2. Oops, I meant discipline, not disciple. Interesting that those words share such a close relationship. We attorneys are to be disciples of the law, being disciplined to serve the law and its source, the constitutions. Do that, and the goals of Magna Carta are advanced. Do that not and Magna Carta is usurped. Do that not and you should be disciplined. Do that and you should be counted a good disciple. My experiences, once again, do not reveal a process that is adhering to the due process ideals of Magna Carta. Just the opposite, in fact. Braveheart's dying rebel (for a great cause) yell comes to mind.

  3. It is not a sign of the times that many Ind licensed attorneys (I am not) would fear writing what I wrote below, even if they had experiences to back it up. Let's take a minute to thank God for the brave Baron's who risked death by torture to tell the government that it was in the wrong. Today is a career ruination that whistleblowers risk. That is often brought on by denial of licenses or disciple for those who dare speak truth to power. Magna Carta says truth rules power, power too often claims that truth matters not, only Power. Fight such power for the good of our constitutional republics. If we lose them we have only bureaucratic tyranny to pass onto our children. Government attorneys, of all lawyers, should best realize this and work to see our patrimony preserved. I am now a government attorney (once again) in Kansas, and respecting the rule of law is my passion, first and foremost.

  4. I have dealt with more than a few I-465 moat-protected government attorneys and even judges who just cannot seem to wrap their heads around the core of this 800 year old document. I guess monarchial privileges and powers corrupt still ..... from an academic website on this fantastic "treaty" between the King and the people ... "Enduring Principles of Liberty Magna Carta was written by a group of 13th-century barons to protect their rights and property against a tyrannical king. There are two principles expressed in Magna Carta that resonate to this day: "No freeman shall be taken, imprisoned, disseised, outlawed, banished, or in any way destroyed, nor will We proceed against or prosecute him, except by the lawful judgment of his peers or by the law of the land." "To no one will We sell, to no one will We deny or delay, right or justice." Inspiration for Americans During the American Revolution, Magna Carta served to inspire and justify action in liberty’s defense. The colonists believed they were entitled to the same rights as Englishmen, rights guaranteed in Magna Carta. They embedded those rights into the laws of their states and later into the Constitution and Bill of Rights. The Fifth Amendment to the Constitution ("no person shall . . . be deprived of life, liberty, or property, without due process of law.") is a direct descendent of Magna Carta's guarantee of proceedings according to the "law of the land." http://www.archives.gov/exhibits/featured_documents/magna_carta/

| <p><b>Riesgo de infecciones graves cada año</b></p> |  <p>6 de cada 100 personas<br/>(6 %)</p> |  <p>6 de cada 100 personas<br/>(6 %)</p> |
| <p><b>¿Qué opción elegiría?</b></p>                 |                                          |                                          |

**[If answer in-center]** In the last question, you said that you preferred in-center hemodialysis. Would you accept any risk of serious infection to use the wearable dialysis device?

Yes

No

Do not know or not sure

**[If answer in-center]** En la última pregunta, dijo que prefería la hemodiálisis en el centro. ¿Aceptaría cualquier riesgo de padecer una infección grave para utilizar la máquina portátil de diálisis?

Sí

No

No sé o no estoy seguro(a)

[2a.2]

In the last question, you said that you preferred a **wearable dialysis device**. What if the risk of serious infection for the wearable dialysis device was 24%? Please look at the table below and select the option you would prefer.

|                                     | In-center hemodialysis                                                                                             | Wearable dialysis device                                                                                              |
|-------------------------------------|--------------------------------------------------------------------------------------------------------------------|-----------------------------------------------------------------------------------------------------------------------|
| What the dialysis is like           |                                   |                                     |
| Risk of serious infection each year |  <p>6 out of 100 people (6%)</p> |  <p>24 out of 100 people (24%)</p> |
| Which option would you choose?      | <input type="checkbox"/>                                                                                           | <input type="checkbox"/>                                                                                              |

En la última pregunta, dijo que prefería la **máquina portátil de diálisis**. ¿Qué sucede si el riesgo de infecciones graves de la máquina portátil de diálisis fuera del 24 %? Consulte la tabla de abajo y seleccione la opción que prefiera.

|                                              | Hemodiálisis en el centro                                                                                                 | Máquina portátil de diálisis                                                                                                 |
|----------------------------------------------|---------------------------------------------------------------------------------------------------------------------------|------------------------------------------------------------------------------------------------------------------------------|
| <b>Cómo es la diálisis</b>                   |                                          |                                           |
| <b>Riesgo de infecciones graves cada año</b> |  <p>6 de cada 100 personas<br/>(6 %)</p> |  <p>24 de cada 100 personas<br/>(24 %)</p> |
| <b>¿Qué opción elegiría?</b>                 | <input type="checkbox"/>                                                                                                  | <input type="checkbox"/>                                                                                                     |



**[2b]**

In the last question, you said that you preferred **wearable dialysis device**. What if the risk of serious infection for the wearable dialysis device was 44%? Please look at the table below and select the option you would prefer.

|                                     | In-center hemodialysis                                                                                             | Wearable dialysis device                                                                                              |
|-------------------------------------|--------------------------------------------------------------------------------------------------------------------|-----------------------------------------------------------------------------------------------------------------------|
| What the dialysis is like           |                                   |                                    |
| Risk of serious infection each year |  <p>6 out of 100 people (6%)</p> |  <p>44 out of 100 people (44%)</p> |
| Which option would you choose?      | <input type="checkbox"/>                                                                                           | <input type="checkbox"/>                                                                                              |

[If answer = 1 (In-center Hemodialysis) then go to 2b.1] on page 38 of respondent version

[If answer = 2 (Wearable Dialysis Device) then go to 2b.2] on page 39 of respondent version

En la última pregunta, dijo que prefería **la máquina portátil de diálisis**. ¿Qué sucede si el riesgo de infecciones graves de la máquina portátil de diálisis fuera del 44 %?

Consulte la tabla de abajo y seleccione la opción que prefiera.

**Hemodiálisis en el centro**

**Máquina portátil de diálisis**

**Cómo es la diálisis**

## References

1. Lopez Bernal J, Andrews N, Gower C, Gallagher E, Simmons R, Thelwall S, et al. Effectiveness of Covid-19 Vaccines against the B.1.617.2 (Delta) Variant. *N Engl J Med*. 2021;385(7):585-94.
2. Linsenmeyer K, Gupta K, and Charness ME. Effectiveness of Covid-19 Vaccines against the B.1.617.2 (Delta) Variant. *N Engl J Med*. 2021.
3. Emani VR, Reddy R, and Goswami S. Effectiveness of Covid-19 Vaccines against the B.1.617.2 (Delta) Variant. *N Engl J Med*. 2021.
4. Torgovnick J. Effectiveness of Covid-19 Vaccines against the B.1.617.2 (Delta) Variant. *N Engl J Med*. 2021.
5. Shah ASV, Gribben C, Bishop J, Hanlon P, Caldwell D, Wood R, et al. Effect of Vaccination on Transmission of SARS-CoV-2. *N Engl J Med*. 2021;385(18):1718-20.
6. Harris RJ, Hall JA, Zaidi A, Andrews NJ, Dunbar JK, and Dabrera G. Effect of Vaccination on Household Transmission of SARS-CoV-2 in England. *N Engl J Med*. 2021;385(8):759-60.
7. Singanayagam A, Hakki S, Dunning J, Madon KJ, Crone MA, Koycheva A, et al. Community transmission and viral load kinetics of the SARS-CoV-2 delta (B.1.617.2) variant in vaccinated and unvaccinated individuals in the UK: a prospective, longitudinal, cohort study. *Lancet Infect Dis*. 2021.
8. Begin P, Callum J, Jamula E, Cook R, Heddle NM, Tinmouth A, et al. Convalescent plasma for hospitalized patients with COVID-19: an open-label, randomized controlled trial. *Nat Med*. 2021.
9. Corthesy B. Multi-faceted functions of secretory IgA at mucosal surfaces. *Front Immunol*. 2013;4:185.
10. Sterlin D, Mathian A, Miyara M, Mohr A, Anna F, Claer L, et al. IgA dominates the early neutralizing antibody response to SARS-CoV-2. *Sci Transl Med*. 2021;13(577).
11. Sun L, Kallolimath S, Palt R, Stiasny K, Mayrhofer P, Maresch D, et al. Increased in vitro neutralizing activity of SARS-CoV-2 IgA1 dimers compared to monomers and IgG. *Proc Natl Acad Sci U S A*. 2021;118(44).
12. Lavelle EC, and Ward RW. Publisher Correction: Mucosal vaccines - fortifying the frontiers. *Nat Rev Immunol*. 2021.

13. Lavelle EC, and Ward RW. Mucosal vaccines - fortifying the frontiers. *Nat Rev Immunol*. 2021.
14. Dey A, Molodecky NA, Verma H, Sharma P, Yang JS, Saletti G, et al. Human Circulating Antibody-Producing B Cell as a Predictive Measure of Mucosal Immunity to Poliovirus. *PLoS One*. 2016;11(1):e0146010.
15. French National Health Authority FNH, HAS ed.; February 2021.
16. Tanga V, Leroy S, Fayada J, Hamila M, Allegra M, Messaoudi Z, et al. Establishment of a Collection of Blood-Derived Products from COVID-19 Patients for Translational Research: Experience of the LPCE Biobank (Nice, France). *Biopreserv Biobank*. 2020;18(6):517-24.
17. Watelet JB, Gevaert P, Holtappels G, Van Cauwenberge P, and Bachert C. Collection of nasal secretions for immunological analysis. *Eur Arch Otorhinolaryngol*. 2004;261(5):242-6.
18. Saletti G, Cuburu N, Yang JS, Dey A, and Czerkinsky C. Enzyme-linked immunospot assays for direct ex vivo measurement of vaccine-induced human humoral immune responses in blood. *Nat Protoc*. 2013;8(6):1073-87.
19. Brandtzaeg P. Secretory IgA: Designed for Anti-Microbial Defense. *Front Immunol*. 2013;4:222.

5. I'm not sure what's more depressing: the fact that people would pay $35,000 per year to attend an unaccredited law school, or the fact that the same people "are hanging in there and willing to follow the dean’s lead in going forward" after the same school fails to gain accreditation, rendering their $70,000 and counting education worthless. Maybe it's a good thing these people can't sit for the bar.